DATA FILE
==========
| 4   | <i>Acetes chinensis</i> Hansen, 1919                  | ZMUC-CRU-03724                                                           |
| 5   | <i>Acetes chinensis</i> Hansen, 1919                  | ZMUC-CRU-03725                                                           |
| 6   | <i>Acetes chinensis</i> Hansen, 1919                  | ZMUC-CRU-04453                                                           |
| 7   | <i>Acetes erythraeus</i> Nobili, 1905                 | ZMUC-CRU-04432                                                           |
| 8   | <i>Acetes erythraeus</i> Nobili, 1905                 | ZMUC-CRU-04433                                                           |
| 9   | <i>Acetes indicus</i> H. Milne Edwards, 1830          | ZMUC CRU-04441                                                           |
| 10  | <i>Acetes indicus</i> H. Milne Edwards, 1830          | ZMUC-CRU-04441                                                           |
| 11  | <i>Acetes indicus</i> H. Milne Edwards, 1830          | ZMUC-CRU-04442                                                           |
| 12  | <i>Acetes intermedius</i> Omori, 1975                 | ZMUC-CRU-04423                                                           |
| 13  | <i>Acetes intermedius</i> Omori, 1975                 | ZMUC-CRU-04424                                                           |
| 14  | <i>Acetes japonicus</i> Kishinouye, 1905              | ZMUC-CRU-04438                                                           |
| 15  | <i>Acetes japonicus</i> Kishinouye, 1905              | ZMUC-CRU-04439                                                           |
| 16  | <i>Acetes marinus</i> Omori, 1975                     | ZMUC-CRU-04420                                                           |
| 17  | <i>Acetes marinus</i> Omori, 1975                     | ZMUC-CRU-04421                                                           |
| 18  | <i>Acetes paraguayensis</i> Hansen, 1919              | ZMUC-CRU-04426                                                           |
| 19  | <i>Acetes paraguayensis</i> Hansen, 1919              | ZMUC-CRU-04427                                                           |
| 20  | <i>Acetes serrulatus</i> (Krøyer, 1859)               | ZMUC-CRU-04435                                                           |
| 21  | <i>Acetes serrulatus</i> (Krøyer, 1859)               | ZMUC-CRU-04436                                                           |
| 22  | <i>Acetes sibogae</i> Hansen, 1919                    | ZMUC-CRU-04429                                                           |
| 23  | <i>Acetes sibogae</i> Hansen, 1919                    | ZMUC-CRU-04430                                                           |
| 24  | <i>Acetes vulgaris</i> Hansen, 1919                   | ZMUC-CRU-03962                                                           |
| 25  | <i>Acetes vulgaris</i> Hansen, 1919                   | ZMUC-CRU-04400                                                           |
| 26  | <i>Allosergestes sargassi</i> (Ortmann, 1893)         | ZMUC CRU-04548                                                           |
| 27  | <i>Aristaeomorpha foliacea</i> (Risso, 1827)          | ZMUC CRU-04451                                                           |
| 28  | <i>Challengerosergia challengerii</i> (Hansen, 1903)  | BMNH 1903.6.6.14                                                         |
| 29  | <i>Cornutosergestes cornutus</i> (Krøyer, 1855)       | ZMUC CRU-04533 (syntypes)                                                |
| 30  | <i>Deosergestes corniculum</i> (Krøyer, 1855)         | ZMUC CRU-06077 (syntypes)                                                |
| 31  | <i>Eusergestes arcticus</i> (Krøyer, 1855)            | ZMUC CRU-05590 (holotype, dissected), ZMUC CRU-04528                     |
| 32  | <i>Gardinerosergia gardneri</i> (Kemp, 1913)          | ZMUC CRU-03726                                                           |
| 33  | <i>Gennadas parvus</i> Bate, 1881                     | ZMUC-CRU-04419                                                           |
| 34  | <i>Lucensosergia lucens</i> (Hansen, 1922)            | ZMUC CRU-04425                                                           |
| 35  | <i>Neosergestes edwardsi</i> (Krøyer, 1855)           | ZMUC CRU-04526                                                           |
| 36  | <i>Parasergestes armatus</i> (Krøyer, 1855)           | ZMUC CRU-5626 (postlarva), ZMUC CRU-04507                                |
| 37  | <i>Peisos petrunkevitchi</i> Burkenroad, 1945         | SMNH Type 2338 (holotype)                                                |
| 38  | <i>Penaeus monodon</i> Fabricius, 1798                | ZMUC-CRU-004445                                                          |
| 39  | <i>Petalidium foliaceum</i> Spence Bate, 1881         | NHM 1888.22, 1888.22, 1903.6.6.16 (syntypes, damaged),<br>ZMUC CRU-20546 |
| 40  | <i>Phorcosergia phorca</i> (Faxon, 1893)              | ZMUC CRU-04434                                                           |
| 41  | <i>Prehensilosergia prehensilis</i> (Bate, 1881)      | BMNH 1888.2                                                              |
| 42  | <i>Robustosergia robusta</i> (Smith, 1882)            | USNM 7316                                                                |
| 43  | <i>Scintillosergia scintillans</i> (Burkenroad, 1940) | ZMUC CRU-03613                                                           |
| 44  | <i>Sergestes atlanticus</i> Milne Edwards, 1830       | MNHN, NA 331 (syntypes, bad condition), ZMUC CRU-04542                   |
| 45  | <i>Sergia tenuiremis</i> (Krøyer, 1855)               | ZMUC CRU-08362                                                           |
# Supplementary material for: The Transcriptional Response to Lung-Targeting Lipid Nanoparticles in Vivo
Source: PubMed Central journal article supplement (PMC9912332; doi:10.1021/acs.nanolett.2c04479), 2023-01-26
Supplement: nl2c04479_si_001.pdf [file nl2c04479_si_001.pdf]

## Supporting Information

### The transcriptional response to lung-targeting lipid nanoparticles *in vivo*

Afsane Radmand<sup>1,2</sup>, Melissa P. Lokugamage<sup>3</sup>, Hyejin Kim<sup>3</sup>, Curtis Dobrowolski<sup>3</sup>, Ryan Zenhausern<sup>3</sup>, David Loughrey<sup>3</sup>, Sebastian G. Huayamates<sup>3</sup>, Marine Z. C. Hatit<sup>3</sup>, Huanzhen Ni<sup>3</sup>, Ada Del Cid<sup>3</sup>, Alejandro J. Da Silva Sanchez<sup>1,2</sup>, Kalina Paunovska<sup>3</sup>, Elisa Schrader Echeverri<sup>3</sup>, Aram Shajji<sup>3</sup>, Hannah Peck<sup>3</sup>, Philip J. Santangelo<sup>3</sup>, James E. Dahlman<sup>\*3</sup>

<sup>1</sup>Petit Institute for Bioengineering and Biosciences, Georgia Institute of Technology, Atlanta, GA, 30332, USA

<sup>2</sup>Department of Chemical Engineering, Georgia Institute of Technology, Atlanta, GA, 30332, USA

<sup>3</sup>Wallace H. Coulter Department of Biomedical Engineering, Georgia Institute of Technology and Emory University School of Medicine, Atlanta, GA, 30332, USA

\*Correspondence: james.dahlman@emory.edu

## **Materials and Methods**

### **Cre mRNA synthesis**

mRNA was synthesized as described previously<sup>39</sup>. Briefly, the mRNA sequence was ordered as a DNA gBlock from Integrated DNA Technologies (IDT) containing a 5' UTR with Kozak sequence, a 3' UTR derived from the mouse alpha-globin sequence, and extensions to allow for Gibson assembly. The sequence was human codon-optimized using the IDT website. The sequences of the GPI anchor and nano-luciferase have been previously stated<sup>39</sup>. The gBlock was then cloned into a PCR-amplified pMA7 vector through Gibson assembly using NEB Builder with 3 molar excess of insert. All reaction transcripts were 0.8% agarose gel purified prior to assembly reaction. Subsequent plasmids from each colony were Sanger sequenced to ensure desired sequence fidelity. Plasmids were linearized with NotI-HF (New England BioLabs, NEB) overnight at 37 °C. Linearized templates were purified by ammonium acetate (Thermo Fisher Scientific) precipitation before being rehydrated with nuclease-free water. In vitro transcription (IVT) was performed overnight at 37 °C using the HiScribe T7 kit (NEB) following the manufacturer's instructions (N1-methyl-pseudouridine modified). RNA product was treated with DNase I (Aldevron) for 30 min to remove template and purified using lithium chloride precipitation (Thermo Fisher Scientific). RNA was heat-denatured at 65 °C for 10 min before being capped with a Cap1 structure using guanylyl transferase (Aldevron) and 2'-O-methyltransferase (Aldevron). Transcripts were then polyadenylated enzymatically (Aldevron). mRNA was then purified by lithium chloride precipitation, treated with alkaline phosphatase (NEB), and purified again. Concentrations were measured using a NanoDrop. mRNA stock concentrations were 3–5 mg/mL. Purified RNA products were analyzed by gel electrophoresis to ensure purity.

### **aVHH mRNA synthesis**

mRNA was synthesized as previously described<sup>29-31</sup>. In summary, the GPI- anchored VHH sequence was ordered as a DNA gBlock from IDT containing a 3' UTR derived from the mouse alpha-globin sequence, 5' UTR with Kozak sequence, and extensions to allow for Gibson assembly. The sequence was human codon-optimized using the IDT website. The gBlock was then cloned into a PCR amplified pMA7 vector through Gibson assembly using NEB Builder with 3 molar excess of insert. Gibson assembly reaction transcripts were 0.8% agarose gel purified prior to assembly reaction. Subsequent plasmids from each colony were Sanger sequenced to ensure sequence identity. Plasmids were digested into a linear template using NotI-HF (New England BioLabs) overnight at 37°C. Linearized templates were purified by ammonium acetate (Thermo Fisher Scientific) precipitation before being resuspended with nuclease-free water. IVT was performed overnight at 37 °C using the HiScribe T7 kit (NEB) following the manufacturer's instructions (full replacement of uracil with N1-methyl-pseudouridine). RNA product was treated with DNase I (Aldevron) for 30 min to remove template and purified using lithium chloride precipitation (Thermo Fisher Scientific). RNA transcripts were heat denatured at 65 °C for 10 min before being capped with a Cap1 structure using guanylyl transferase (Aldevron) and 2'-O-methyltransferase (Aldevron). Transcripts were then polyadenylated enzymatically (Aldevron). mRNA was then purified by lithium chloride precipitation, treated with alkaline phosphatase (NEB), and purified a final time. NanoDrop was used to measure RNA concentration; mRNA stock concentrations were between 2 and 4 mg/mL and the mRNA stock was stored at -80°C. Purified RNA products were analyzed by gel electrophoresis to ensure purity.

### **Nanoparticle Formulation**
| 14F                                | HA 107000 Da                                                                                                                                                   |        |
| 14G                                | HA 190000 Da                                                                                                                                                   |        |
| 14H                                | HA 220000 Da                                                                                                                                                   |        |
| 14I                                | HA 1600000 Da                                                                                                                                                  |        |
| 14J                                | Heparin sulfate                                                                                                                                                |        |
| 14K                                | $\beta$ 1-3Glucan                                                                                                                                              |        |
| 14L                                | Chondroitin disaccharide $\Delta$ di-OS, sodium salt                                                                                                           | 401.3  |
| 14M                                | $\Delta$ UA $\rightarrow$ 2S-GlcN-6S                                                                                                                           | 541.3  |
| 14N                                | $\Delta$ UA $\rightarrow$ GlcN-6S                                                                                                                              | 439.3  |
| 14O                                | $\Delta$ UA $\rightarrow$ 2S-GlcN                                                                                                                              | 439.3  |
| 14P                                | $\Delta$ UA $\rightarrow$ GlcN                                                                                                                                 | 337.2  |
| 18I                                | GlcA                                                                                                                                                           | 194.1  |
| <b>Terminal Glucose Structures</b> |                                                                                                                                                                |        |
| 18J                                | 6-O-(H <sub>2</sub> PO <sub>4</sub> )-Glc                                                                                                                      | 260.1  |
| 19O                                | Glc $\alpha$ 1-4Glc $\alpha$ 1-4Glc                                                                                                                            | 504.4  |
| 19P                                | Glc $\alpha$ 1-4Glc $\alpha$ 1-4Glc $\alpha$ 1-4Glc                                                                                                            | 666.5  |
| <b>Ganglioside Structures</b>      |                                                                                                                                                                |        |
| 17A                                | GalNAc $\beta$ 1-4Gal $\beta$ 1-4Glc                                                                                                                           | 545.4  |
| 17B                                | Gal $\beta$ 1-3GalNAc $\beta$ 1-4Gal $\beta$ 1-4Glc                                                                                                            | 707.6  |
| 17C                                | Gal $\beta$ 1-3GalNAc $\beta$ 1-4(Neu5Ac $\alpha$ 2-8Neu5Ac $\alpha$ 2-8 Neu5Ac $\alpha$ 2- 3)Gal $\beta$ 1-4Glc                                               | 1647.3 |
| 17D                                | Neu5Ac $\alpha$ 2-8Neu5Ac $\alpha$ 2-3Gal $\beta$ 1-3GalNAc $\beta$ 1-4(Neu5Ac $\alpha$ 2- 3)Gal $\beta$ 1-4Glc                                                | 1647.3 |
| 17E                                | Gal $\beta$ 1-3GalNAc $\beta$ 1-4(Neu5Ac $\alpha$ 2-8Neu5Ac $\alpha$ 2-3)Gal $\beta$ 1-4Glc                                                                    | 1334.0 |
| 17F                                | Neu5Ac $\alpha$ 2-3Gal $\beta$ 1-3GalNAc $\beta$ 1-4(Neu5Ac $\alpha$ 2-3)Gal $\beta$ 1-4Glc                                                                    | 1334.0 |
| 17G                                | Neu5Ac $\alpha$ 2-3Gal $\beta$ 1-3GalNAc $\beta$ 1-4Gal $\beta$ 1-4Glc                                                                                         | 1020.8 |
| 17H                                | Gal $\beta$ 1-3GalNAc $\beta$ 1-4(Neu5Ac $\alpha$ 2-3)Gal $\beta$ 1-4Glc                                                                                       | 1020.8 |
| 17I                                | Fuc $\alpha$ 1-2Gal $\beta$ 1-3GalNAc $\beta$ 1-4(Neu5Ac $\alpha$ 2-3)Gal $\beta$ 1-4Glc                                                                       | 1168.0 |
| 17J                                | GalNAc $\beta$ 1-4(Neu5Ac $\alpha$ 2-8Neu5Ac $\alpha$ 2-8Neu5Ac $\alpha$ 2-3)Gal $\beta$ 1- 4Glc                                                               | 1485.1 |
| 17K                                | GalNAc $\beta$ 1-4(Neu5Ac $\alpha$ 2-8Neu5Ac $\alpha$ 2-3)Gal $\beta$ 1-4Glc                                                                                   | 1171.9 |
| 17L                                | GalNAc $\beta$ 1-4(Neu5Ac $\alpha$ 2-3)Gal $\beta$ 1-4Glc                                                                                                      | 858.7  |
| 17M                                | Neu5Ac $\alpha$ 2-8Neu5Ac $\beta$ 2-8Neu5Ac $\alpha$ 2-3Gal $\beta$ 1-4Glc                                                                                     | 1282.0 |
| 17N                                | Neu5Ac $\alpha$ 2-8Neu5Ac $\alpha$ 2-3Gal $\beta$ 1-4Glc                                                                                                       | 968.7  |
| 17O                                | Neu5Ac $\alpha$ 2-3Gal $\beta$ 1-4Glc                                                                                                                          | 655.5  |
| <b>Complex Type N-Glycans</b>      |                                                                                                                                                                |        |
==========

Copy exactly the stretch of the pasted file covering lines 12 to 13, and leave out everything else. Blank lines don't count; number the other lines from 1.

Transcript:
| 15  | <i>Acetes japonicus</i> Kishinouye, 1905              | ZMUC-CRU-04439                                                           |
| 16  | <i>Acetes marinus</i> Omori, 1975                     | ZMUC-CRU-04420                                                           |